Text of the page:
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Current Dudley Health and Social Care Landscape

Following the publication of the NHS Long Term Plan in 2019, there was a national requirement to develop long term Sustainability and Transformation Partnerships (STP) covering all areas of NHS spending in England and linking with all national strategic priorities for health. These are now known as Integrated Care Systems (ICSs) and were established on a statutory basis under the provisions of the Health and Care Act 2022.

Integrated Care Systems

Integrated Care Systems (ICS) are new partnerships between the organisations that meet health and care needs across an area, to coordinate services and plan in a way that improves population health and reduces inequalities between different groups. Each ICS consists of an Integrated Care Board - the successor bodies to Clinical Commissioning Groups (CCGs) and an Integrated Care Partnership (ICP) – a broader based body consisting of NHS and local government representatives.

Dudley Council is part of the Black Country ICS which includes the following Dudley health partners:

  • Black Country Integrated Care Board
  • Dudley Integrated Health and Care NHS Trust
  • The Dudley Group NHS Foundation Trust
  • West Midlands Ambulance Service
  • Black Country Healthcare NHS Foundation Trust

Health and Social Care Challenges

The government originally proposed that adult social care charging reforms would be implemented from October 2023, but in the autumn statement 2022 announced that the reforms would be delayed for 2 years. Impact of the potential reforms is not captured in this document in detail, however subsequent review of the Market Position and preparation for reforms once confirmed will be included in revisions as and when required.

The social care workforce is frequently described as being in crisis having lost staff in significant numbers following the pandemic and both care homes and care agencies have stated they are unable to compete with other industries to attract and retain staff.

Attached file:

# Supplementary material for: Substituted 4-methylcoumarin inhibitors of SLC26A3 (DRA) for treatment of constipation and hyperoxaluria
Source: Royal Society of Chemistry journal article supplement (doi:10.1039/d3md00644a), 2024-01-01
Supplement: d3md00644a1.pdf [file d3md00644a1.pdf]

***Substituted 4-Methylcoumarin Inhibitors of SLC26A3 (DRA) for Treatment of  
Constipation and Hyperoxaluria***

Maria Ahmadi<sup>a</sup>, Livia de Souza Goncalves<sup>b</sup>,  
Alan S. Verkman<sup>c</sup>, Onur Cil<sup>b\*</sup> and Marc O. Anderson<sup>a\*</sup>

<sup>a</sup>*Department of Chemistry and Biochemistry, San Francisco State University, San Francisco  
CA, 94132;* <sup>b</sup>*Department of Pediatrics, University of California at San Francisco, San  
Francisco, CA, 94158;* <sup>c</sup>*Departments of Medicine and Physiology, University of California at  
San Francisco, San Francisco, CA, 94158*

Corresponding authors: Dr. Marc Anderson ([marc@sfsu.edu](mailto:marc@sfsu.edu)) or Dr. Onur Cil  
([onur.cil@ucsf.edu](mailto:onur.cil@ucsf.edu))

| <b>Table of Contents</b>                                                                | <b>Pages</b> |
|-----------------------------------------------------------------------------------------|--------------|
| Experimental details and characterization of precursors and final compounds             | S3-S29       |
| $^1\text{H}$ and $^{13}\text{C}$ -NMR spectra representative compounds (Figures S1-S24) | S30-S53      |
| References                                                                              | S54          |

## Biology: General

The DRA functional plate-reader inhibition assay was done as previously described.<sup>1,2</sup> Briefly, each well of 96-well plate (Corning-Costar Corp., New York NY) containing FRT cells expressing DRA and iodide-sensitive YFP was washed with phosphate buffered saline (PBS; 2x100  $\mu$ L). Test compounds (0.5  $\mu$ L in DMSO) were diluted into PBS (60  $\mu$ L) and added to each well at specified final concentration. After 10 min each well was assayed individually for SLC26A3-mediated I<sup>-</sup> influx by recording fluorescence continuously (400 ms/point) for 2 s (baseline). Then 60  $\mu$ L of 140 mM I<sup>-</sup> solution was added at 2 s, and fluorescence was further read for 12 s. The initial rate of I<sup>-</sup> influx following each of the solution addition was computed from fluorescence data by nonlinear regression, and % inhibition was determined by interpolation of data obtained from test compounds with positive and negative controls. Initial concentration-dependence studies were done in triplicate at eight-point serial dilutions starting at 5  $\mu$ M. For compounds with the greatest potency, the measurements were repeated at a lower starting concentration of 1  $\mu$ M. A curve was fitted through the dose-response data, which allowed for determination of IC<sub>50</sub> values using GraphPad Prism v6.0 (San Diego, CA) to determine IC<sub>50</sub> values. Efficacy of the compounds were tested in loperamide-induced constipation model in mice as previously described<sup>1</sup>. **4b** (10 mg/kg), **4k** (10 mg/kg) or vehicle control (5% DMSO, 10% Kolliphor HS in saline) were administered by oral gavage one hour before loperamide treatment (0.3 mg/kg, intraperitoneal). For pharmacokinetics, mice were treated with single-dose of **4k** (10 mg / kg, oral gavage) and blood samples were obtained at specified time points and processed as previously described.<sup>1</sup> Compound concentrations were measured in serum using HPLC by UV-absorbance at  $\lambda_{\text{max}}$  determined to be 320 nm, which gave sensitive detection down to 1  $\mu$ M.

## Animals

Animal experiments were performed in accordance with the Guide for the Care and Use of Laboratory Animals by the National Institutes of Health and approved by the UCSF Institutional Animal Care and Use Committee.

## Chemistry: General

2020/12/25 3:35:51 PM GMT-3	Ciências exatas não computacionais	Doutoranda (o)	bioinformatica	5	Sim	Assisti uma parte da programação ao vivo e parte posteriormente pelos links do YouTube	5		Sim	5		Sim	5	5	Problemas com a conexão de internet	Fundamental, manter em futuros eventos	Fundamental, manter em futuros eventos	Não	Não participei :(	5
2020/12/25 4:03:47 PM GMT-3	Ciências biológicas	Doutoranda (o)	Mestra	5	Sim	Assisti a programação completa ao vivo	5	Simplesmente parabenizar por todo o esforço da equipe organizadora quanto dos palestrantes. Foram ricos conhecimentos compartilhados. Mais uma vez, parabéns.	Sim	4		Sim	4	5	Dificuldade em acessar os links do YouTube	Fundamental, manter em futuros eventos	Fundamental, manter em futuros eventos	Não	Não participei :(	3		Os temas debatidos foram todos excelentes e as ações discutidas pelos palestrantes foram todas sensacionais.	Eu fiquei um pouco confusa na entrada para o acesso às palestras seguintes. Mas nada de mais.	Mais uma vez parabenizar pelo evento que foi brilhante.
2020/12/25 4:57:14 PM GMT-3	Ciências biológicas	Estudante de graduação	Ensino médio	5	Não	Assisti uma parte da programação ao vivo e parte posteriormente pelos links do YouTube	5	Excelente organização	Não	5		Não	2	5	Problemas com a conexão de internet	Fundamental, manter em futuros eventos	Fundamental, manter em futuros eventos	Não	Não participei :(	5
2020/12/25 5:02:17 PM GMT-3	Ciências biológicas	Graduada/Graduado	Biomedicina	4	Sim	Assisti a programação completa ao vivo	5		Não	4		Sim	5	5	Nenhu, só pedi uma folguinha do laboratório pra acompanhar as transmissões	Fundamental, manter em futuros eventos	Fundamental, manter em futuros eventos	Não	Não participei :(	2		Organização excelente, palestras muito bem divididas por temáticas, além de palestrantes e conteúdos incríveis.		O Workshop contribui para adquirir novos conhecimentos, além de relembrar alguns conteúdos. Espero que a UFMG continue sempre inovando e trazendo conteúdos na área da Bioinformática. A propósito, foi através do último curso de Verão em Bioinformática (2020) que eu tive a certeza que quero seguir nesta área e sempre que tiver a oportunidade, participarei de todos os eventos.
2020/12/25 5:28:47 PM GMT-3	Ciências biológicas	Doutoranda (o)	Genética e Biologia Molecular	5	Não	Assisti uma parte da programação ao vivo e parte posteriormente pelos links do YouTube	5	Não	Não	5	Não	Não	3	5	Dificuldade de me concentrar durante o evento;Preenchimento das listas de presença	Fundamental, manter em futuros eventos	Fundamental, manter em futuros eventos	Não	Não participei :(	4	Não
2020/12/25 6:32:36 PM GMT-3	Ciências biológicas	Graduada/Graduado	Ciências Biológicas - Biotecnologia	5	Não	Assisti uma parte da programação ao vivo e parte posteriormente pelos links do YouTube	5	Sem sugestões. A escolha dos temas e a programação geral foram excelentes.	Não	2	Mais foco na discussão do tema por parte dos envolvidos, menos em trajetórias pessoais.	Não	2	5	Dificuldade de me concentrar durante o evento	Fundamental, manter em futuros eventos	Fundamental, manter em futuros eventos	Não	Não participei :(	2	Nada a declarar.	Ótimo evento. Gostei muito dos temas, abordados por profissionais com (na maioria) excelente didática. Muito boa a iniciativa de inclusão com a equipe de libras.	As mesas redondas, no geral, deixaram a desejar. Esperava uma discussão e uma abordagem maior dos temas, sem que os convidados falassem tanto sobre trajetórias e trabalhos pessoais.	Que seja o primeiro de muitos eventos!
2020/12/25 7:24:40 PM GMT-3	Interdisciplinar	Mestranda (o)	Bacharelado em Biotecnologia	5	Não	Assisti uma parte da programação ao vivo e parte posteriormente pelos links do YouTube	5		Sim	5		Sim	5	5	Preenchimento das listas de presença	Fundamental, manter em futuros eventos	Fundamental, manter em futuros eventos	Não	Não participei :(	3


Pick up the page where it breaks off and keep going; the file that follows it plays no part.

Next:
With current cost of living challenges and reduced finances across the health and social care system, there is concern that care services will not be able to meet demand and sustain quality of care without significant investment and resources.

Market sustainability will therefore remain a priority and future market shaping, and opportunities will consider these issues. We will work with providers and system partners to ensure resources including financial resources are used to best effect and change the way we support people where required, to ensure they receive the right levels of support, this may include remodelling of services, disinvestment if appropriate and reinvestment in more efficient services to better fit future needs.

All investment funds for social care from government will be ringfenced for market sustainability.

We will continue to review our own practice, including the employment of strengths-based approaches and how we may use the council and or partners position and attributes to support the market, for example promotion of social care recruitment campaigns to support workforce across the market, improved use of systems and processes.